Next up, we've got a question from Stitcheroo. He says, "How can I balance my FOO steps? I have an ESPP which I perceive as 'free money' in the form of discounted stock. I'm also trying to max my Roth. How much ESPP is too much?" And Stitch, I love that you asked this question. So for those of you that aren't familiar, an ESPP is just an employer stock purchase plan. You essentially get to buy into the stock of your company, which we love because most often employers will say, "Hey, we're going to let you buy in, but you don't have to pay what everybody else pays. We're going to let you buy it at a discount. You can buy in at 10 percent cheaper or 15% cheaper. We're going to look at what the price was at the beginning of the quarter and then the price at the end of the quarter, and we're going to give you the lowest price, and we're going to let you buy it at that." Well, if you can buy something for less than it is worth the day, that qualifies as free money. And if you know our Financial Order of Operations
, oh yeah, we absolutely love the financial order of operation. So when we get to step two, we say you have to, have to, have to, have to take advantage of your employer-offered free money. Most often, that manifests in the way of an employer match on your retirement contributions, but your employee stock purchase plan is another great example of where free money exists.
So, to Stitch's question, well, how do I balance the "I want to do Roth, but I got to do this ESPP," and how much ESPP is too much or is there too much ESPP? How do we talk to someone about what that looks like and how to know?
Yeah, this is a great question. I will tell you it's a complex question though, and that's why we do have to get a disclaimer because we don't know your situation, Stitcheroo. I want to put that out there because this is definitely in the weeds of financial planning, but I think there is a balance here that you're trying not to get too greedy with it because pigs get fat, hogs get slaughtered. And the fact is, don't forget when you work for companies, not only is that your income that's coming in, you do run career risk. That if that employer went out of business, you got to go find another job. So you don't want to have your entire investment capital tied to the exact same thing that is risky that you're trying to build independence of. Because I've seen people who have built up tremendous success where they make a great income, but then they just get so excited about their employer that they keep loading it up, loading it up. And yes, this is a strategy that could make you extremely wealthy, but it's also a strategy that can make you extremely poor if the worst-case scenario happens. Think about all these technology companies right now, the household names, the Googles, the Intels, the Facebooks. They're all laying off right now, and it's a scary, scary thing. And I'll tell you there's even another level where I've seen, like nobody here knows the name Lucent anymore, but I worked with those executives. They went to zero. And that's the thing you do want to be very mindful that there's two components, and I've talked about this a lot. There's building wealth, but then there's also this component of keeping wealth.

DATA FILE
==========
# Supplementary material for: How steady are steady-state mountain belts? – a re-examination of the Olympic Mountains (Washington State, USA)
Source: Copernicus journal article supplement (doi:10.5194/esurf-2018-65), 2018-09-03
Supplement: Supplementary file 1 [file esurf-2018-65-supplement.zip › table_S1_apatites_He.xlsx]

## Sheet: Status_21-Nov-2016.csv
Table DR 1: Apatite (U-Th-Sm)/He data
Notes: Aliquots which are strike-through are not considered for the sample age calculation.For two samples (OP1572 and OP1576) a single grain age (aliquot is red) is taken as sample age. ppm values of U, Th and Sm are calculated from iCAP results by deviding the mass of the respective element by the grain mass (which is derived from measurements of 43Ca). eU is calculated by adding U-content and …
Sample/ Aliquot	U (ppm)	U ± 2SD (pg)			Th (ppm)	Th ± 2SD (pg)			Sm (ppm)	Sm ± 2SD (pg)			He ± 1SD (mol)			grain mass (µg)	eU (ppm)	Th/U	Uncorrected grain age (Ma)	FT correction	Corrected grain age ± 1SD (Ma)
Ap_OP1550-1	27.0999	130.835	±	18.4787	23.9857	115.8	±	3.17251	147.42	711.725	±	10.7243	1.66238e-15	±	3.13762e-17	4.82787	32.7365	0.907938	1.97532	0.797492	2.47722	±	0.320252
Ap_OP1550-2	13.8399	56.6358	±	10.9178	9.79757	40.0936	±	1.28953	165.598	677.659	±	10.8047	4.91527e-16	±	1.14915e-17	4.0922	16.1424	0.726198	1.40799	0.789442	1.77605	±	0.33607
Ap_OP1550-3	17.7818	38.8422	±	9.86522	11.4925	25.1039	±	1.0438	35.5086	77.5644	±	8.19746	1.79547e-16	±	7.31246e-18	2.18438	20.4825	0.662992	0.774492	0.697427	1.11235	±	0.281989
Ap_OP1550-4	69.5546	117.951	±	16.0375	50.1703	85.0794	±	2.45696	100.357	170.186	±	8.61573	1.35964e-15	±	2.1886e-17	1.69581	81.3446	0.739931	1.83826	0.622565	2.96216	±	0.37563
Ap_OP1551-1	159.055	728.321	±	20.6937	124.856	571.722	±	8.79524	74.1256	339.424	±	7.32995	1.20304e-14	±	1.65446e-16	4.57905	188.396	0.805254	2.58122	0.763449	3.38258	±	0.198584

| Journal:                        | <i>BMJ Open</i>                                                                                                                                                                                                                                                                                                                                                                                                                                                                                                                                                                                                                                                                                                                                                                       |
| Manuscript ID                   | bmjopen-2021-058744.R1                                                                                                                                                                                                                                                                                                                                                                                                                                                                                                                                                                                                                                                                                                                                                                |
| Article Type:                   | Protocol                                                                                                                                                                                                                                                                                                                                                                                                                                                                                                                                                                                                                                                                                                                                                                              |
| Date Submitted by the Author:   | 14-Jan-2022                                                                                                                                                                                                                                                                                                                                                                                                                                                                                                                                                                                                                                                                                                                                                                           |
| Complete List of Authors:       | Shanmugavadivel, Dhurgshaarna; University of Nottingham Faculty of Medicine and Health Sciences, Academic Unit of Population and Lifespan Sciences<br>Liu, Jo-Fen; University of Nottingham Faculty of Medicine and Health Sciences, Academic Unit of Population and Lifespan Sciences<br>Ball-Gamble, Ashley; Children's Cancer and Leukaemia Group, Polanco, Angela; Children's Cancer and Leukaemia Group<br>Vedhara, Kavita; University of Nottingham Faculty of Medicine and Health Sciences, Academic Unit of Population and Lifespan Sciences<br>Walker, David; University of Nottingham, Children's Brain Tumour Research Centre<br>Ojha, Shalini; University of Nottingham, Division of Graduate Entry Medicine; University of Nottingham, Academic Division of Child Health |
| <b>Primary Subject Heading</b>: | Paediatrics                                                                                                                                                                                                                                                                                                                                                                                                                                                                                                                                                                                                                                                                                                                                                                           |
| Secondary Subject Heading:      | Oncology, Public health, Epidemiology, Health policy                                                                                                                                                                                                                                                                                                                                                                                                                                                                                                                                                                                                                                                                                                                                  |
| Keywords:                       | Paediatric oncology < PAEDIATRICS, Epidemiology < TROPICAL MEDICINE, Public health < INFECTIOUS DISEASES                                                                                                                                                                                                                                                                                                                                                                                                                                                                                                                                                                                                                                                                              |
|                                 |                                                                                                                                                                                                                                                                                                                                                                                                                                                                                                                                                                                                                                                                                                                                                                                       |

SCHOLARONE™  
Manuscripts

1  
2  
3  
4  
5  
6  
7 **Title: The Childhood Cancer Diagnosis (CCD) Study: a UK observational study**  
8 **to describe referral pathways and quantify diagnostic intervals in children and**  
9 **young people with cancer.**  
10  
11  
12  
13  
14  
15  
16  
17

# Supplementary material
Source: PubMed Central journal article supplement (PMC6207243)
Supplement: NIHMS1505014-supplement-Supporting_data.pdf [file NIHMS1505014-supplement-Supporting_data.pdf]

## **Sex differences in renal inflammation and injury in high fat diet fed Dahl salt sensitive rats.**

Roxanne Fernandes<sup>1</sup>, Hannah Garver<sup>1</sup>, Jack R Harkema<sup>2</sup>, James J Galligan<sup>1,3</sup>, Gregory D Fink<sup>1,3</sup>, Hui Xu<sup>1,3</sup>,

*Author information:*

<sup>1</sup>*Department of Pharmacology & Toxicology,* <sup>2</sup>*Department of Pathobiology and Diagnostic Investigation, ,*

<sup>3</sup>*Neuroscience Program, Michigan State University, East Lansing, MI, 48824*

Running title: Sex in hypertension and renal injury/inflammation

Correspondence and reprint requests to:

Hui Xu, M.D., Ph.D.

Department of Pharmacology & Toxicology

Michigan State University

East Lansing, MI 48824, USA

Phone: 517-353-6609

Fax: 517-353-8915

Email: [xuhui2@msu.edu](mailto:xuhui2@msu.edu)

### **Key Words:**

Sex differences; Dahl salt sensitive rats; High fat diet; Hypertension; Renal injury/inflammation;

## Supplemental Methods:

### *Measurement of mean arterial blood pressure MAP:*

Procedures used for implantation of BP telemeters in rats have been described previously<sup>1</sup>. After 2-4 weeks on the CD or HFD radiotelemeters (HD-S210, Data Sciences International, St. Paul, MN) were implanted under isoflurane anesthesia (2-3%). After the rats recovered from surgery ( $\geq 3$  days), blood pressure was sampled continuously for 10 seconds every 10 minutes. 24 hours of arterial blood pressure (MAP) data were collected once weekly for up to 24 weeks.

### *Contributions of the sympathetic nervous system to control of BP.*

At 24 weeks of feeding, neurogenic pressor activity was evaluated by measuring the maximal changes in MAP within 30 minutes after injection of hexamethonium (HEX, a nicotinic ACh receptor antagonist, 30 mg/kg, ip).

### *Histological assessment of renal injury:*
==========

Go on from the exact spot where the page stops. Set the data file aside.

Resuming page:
So you always want to be mindful that there is a risk of drowning in too much of a good thing. The reason is that I would not want to have to be careful, because I typically off the cuff say, "You know, around five percent sounds good." But if this is such free money, I understand that it's kind of that that might seem like, "Well, that's missing out." So it's going to be somewhere probably between five to ten percent of your investable assets. You need to be careful if you get into that band of five to ten percent of your net worth, and investable assets are also tied to the same company that's giving you a monthly paycheck. Can I speak into that a little bit more? Because one of the things that's really important is whenever you have an employee benefit at your company, you need to understand how it works because not all ESPP plans work the exact same. So, if you are someone who can participate in the ESPP, but maybe you also get RSUs, and you have options that sit out there, and you have these other incentives that cause you to be super-concentrated, there's nothing that says, in a number of plans, that you can't participate in ESPP and then already know when you're going to sell just because you're participating, just because you're buying. If your plan allows it, it's okay to get on the travel to where you're selling now. Yeah, if you sell inside of a year and it's a disqualifying disposition, maybe the tax treatment isn't quite as favorable as it would be, but remember the goal is the free money. So, even if you have to pay tax on free money, you're still coming out ahead on that. So, Stitcher roof, if you're in that situation where you can participate in the ESPP and then also have a plan on the back end of how you're divesting out of your employer stock, as you divest out of that, you can then take those dollars to continue on in the foo, doing things like maxing out your Roth IRA, putting money into your HSA. So, your ESPP may be a very short stop just to make sure that you can capitalize on that free money, and then you get off the treadmill and deploy those dollars elsewhere. Not all plans will let you do that. In some corporate culture, they say, "Hey, if you're selling our stock, that ain't a good thing. Don't do it." You have to know that, but I would become intimately familiar with my plan to figure out what options are available to me. Yeah, and for another day, we can talk about making sure you take advantage of long-term capital gains versus short-term. There are all kinds of cool strategies that you can layer into these things as well.